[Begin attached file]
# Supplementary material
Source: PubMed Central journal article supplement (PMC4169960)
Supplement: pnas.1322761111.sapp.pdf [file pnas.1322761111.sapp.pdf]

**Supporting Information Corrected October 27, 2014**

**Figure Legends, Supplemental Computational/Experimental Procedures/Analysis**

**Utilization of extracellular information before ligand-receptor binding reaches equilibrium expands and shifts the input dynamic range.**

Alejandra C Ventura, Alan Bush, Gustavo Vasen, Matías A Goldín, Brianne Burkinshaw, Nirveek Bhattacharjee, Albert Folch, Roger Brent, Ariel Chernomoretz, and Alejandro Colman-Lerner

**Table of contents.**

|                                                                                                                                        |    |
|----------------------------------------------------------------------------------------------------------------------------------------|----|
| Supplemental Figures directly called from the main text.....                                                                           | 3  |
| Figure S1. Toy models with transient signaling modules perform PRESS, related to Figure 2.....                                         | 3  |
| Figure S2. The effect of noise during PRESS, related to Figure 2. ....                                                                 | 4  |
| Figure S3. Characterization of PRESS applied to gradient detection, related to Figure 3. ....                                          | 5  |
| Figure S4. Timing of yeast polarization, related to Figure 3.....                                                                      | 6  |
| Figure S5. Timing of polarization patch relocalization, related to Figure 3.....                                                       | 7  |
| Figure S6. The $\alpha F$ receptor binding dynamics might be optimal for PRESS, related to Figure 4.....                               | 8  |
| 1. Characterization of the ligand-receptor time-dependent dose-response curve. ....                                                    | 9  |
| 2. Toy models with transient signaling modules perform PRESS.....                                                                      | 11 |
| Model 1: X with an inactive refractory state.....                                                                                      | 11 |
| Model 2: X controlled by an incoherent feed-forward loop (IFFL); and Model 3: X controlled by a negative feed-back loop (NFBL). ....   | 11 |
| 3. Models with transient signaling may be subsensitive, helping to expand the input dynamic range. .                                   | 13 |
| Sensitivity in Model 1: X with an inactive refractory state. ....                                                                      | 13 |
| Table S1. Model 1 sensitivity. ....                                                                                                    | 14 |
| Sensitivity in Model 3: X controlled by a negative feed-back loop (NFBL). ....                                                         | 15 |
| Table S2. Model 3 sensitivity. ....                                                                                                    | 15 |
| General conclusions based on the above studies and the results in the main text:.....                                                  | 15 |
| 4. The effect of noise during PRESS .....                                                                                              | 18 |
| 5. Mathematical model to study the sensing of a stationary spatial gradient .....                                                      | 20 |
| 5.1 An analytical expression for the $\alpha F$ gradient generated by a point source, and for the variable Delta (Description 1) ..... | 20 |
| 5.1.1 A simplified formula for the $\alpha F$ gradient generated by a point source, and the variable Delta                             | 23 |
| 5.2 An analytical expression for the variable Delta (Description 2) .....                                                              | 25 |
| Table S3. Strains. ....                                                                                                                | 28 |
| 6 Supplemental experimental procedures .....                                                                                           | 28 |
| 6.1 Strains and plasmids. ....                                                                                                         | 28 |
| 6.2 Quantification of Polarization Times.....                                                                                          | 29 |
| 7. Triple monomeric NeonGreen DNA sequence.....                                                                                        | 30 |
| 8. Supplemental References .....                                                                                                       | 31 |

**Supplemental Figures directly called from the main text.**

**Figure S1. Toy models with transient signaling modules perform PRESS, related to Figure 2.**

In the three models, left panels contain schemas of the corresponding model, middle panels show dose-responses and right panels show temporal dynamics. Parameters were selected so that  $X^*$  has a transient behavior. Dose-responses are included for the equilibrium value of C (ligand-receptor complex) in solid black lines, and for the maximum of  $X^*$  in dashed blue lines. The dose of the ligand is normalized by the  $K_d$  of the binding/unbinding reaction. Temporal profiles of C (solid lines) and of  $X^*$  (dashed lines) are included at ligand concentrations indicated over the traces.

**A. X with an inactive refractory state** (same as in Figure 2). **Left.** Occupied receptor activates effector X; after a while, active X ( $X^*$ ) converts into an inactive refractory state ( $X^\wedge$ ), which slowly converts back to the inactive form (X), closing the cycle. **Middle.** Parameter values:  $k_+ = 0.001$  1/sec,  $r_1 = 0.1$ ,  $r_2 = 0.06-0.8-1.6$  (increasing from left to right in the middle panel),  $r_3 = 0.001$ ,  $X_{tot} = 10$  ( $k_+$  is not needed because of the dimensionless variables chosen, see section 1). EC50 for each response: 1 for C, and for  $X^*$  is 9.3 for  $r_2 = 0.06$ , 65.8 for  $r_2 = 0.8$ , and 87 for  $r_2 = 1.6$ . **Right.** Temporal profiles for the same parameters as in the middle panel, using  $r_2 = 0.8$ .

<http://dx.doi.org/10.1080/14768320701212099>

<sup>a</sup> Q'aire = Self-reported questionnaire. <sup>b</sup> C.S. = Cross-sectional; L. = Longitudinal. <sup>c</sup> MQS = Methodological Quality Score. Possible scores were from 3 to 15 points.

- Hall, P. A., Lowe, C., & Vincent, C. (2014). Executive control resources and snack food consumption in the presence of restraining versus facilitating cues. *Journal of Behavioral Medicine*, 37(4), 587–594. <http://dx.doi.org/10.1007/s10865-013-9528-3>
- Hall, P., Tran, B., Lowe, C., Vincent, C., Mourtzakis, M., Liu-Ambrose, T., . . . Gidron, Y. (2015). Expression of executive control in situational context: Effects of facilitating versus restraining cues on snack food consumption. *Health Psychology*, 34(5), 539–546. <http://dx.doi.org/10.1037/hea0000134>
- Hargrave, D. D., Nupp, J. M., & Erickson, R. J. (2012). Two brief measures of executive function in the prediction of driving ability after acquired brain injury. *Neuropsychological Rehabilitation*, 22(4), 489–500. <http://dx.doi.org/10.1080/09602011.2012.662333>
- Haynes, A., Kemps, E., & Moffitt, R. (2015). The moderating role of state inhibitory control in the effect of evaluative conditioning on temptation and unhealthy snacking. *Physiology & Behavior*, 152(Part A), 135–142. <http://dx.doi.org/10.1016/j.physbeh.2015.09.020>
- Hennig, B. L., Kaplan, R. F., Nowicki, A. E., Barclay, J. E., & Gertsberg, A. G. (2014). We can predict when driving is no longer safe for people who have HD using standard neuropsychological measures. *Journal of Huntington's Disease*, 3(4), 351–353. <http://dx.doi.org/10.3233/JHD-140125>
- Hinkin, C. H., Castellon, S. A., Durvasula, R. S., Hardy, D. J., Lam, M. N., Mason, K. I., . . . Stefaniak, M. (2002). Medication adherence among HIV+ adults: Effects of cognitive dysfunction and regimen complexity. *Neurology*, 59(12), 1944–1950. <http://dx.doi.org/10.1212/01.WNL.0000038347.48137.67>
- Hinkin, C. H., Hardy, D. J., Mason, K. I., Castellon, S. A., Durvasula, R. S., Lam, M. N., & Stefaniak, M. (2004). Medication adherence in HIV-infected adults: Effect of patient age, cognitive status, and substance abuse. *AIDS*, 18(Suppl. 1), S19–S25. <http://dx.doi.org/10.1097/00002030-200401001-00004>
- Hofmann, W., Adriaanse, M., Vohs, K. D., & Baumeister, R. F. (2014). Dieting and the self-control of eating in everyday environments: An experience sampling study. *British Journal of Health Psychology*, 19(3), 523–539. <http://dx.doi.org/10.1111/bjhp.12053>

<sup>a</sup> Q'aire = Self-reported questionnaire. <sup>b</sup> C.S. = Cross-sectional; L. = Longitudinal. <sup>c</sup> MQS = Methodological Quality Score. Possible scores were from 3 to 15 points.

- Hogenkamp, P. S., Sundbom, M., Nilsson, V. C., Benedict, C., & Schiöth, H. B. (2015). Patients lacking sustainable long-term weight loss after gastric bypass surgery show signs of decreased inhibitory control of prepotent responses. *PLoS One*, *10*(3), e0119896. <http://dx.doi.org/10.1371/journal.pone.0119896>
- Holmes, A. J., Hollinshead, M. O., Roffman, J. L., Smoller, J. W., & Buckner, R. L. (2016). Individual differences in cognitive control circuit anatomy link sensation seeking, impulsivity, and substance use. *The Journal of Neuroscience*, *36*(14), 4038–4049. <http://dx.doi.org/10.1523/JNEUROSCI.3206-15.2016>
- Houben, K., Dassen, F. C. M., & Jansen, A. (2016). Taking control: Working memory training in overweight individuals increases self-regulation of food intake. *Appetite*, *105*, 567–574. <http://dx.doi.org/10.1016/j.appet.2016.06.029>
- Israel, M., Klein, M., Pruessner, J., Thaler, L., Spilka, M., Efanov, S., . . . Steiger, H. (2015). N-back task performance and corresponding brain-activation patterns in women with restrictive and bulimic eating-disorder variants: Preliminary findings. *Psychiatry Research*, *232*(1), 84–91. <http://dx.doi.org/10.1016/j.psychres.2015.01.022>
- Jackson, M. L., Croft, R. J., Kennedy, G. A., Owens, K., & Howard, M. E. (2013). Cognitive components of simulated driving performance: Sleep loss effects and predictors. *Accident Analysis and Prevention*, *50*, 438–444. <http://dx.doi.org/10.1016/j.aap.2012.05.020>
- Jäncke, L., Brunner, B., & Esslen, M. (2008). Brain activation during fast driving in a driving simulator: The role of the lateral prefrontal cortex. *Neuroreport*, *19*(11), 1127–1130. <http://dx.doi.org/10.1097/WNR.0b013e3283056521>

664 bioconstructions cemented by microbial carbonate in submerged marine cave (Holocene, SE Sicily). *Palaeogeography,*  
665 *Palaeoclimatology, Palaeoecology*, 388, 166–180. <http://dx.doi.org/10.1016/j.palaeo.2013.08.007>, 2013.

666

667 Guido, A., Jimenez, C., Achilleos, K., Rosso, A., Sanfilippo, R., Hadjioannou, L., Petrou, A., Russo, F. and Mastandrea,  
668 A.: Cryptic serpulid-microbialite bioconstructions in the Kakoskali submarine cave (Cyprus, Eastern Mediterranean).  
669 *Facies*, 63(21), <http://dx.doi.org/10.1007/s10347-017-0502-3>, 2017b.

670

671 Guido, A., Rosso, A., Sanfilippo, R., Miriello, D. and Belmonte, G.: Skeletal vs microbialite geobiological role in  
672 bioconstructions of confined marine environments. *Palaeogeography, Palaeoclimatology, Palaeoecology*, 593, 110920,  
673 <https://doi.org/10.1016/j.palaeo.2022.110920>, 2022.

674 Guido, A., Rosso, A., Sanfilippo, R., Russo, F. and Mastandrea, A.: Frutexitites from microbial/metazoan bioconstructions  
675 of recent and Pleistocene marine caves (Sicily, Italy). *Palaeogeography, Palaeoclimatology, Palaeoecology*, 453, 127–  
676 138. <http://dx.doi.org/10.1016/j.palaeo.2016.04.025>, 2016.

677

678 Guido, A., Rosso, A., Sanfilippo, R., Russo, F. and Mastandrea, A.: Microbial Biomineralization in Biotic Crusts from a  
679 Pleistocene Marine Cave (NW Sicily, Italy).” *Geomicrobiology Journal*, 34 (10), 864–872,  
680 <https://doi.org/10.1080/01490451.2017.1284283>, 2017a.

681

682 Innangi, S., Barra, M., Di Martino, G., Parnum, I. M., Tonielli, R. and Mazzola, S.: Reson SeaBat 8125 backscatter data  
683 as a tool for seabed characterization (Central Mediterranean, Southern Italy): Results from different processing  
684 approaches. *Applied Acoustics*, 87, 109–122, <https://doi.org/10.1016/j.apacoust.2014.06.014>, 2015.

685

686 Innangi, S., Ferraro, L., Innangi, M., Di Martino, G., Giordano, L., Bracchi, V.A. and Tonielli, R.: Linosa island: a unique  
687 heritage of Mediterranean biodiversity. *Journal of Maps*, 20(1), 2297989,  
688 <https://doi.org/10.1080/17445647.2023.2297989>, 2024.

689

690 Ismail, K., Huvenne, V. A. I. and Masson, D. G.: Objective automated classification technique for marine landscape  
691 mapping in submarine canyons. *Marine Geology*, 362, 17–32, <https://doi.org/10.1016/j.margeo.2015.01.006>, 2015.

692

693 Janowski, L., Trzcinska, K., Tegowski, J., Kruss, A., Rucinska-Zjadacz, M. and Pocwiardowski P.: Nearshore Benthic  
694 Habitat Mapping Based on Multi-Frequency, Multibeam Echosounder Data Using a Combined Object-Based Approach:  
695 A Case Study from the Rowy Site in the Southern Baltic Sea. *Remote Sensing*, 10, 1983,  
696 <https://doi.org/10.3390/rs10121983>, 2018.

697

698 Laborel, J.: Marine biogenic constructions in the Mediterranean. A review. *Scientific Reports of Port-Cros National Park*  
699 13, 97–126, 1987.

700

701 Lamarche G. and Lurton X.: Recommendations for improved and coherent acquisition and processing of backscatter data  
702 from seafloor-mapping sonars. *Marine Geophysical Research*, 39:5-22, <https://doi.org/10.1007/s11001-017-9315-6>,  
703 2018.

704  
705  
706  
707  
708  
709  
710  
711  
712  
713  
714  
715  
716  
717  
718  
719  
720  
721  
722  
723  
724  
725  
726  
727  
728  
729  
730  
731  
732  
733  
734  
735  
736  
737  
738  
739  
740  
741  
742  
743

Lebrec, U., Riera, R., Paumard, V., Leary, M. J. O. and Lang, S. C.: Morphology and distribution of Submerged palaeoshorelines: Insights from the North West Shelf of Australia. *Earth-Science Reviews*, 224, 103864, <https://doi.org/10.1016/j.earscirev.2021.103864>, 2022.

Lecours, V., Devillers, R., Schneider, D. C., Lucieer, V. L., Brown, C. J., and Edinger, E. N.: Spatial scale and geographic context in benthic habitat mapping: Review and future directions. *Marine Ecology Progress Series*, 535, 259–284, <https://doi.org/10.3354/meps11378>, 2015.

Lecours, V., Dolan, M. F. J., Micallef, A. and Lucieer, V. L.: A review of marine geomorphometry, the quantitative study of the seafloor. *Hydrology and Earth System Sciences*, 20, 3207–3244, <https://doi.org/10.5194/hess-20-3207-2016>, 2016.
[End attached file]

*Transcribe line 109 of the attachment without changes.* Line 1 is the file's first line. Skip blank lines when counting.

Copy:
713  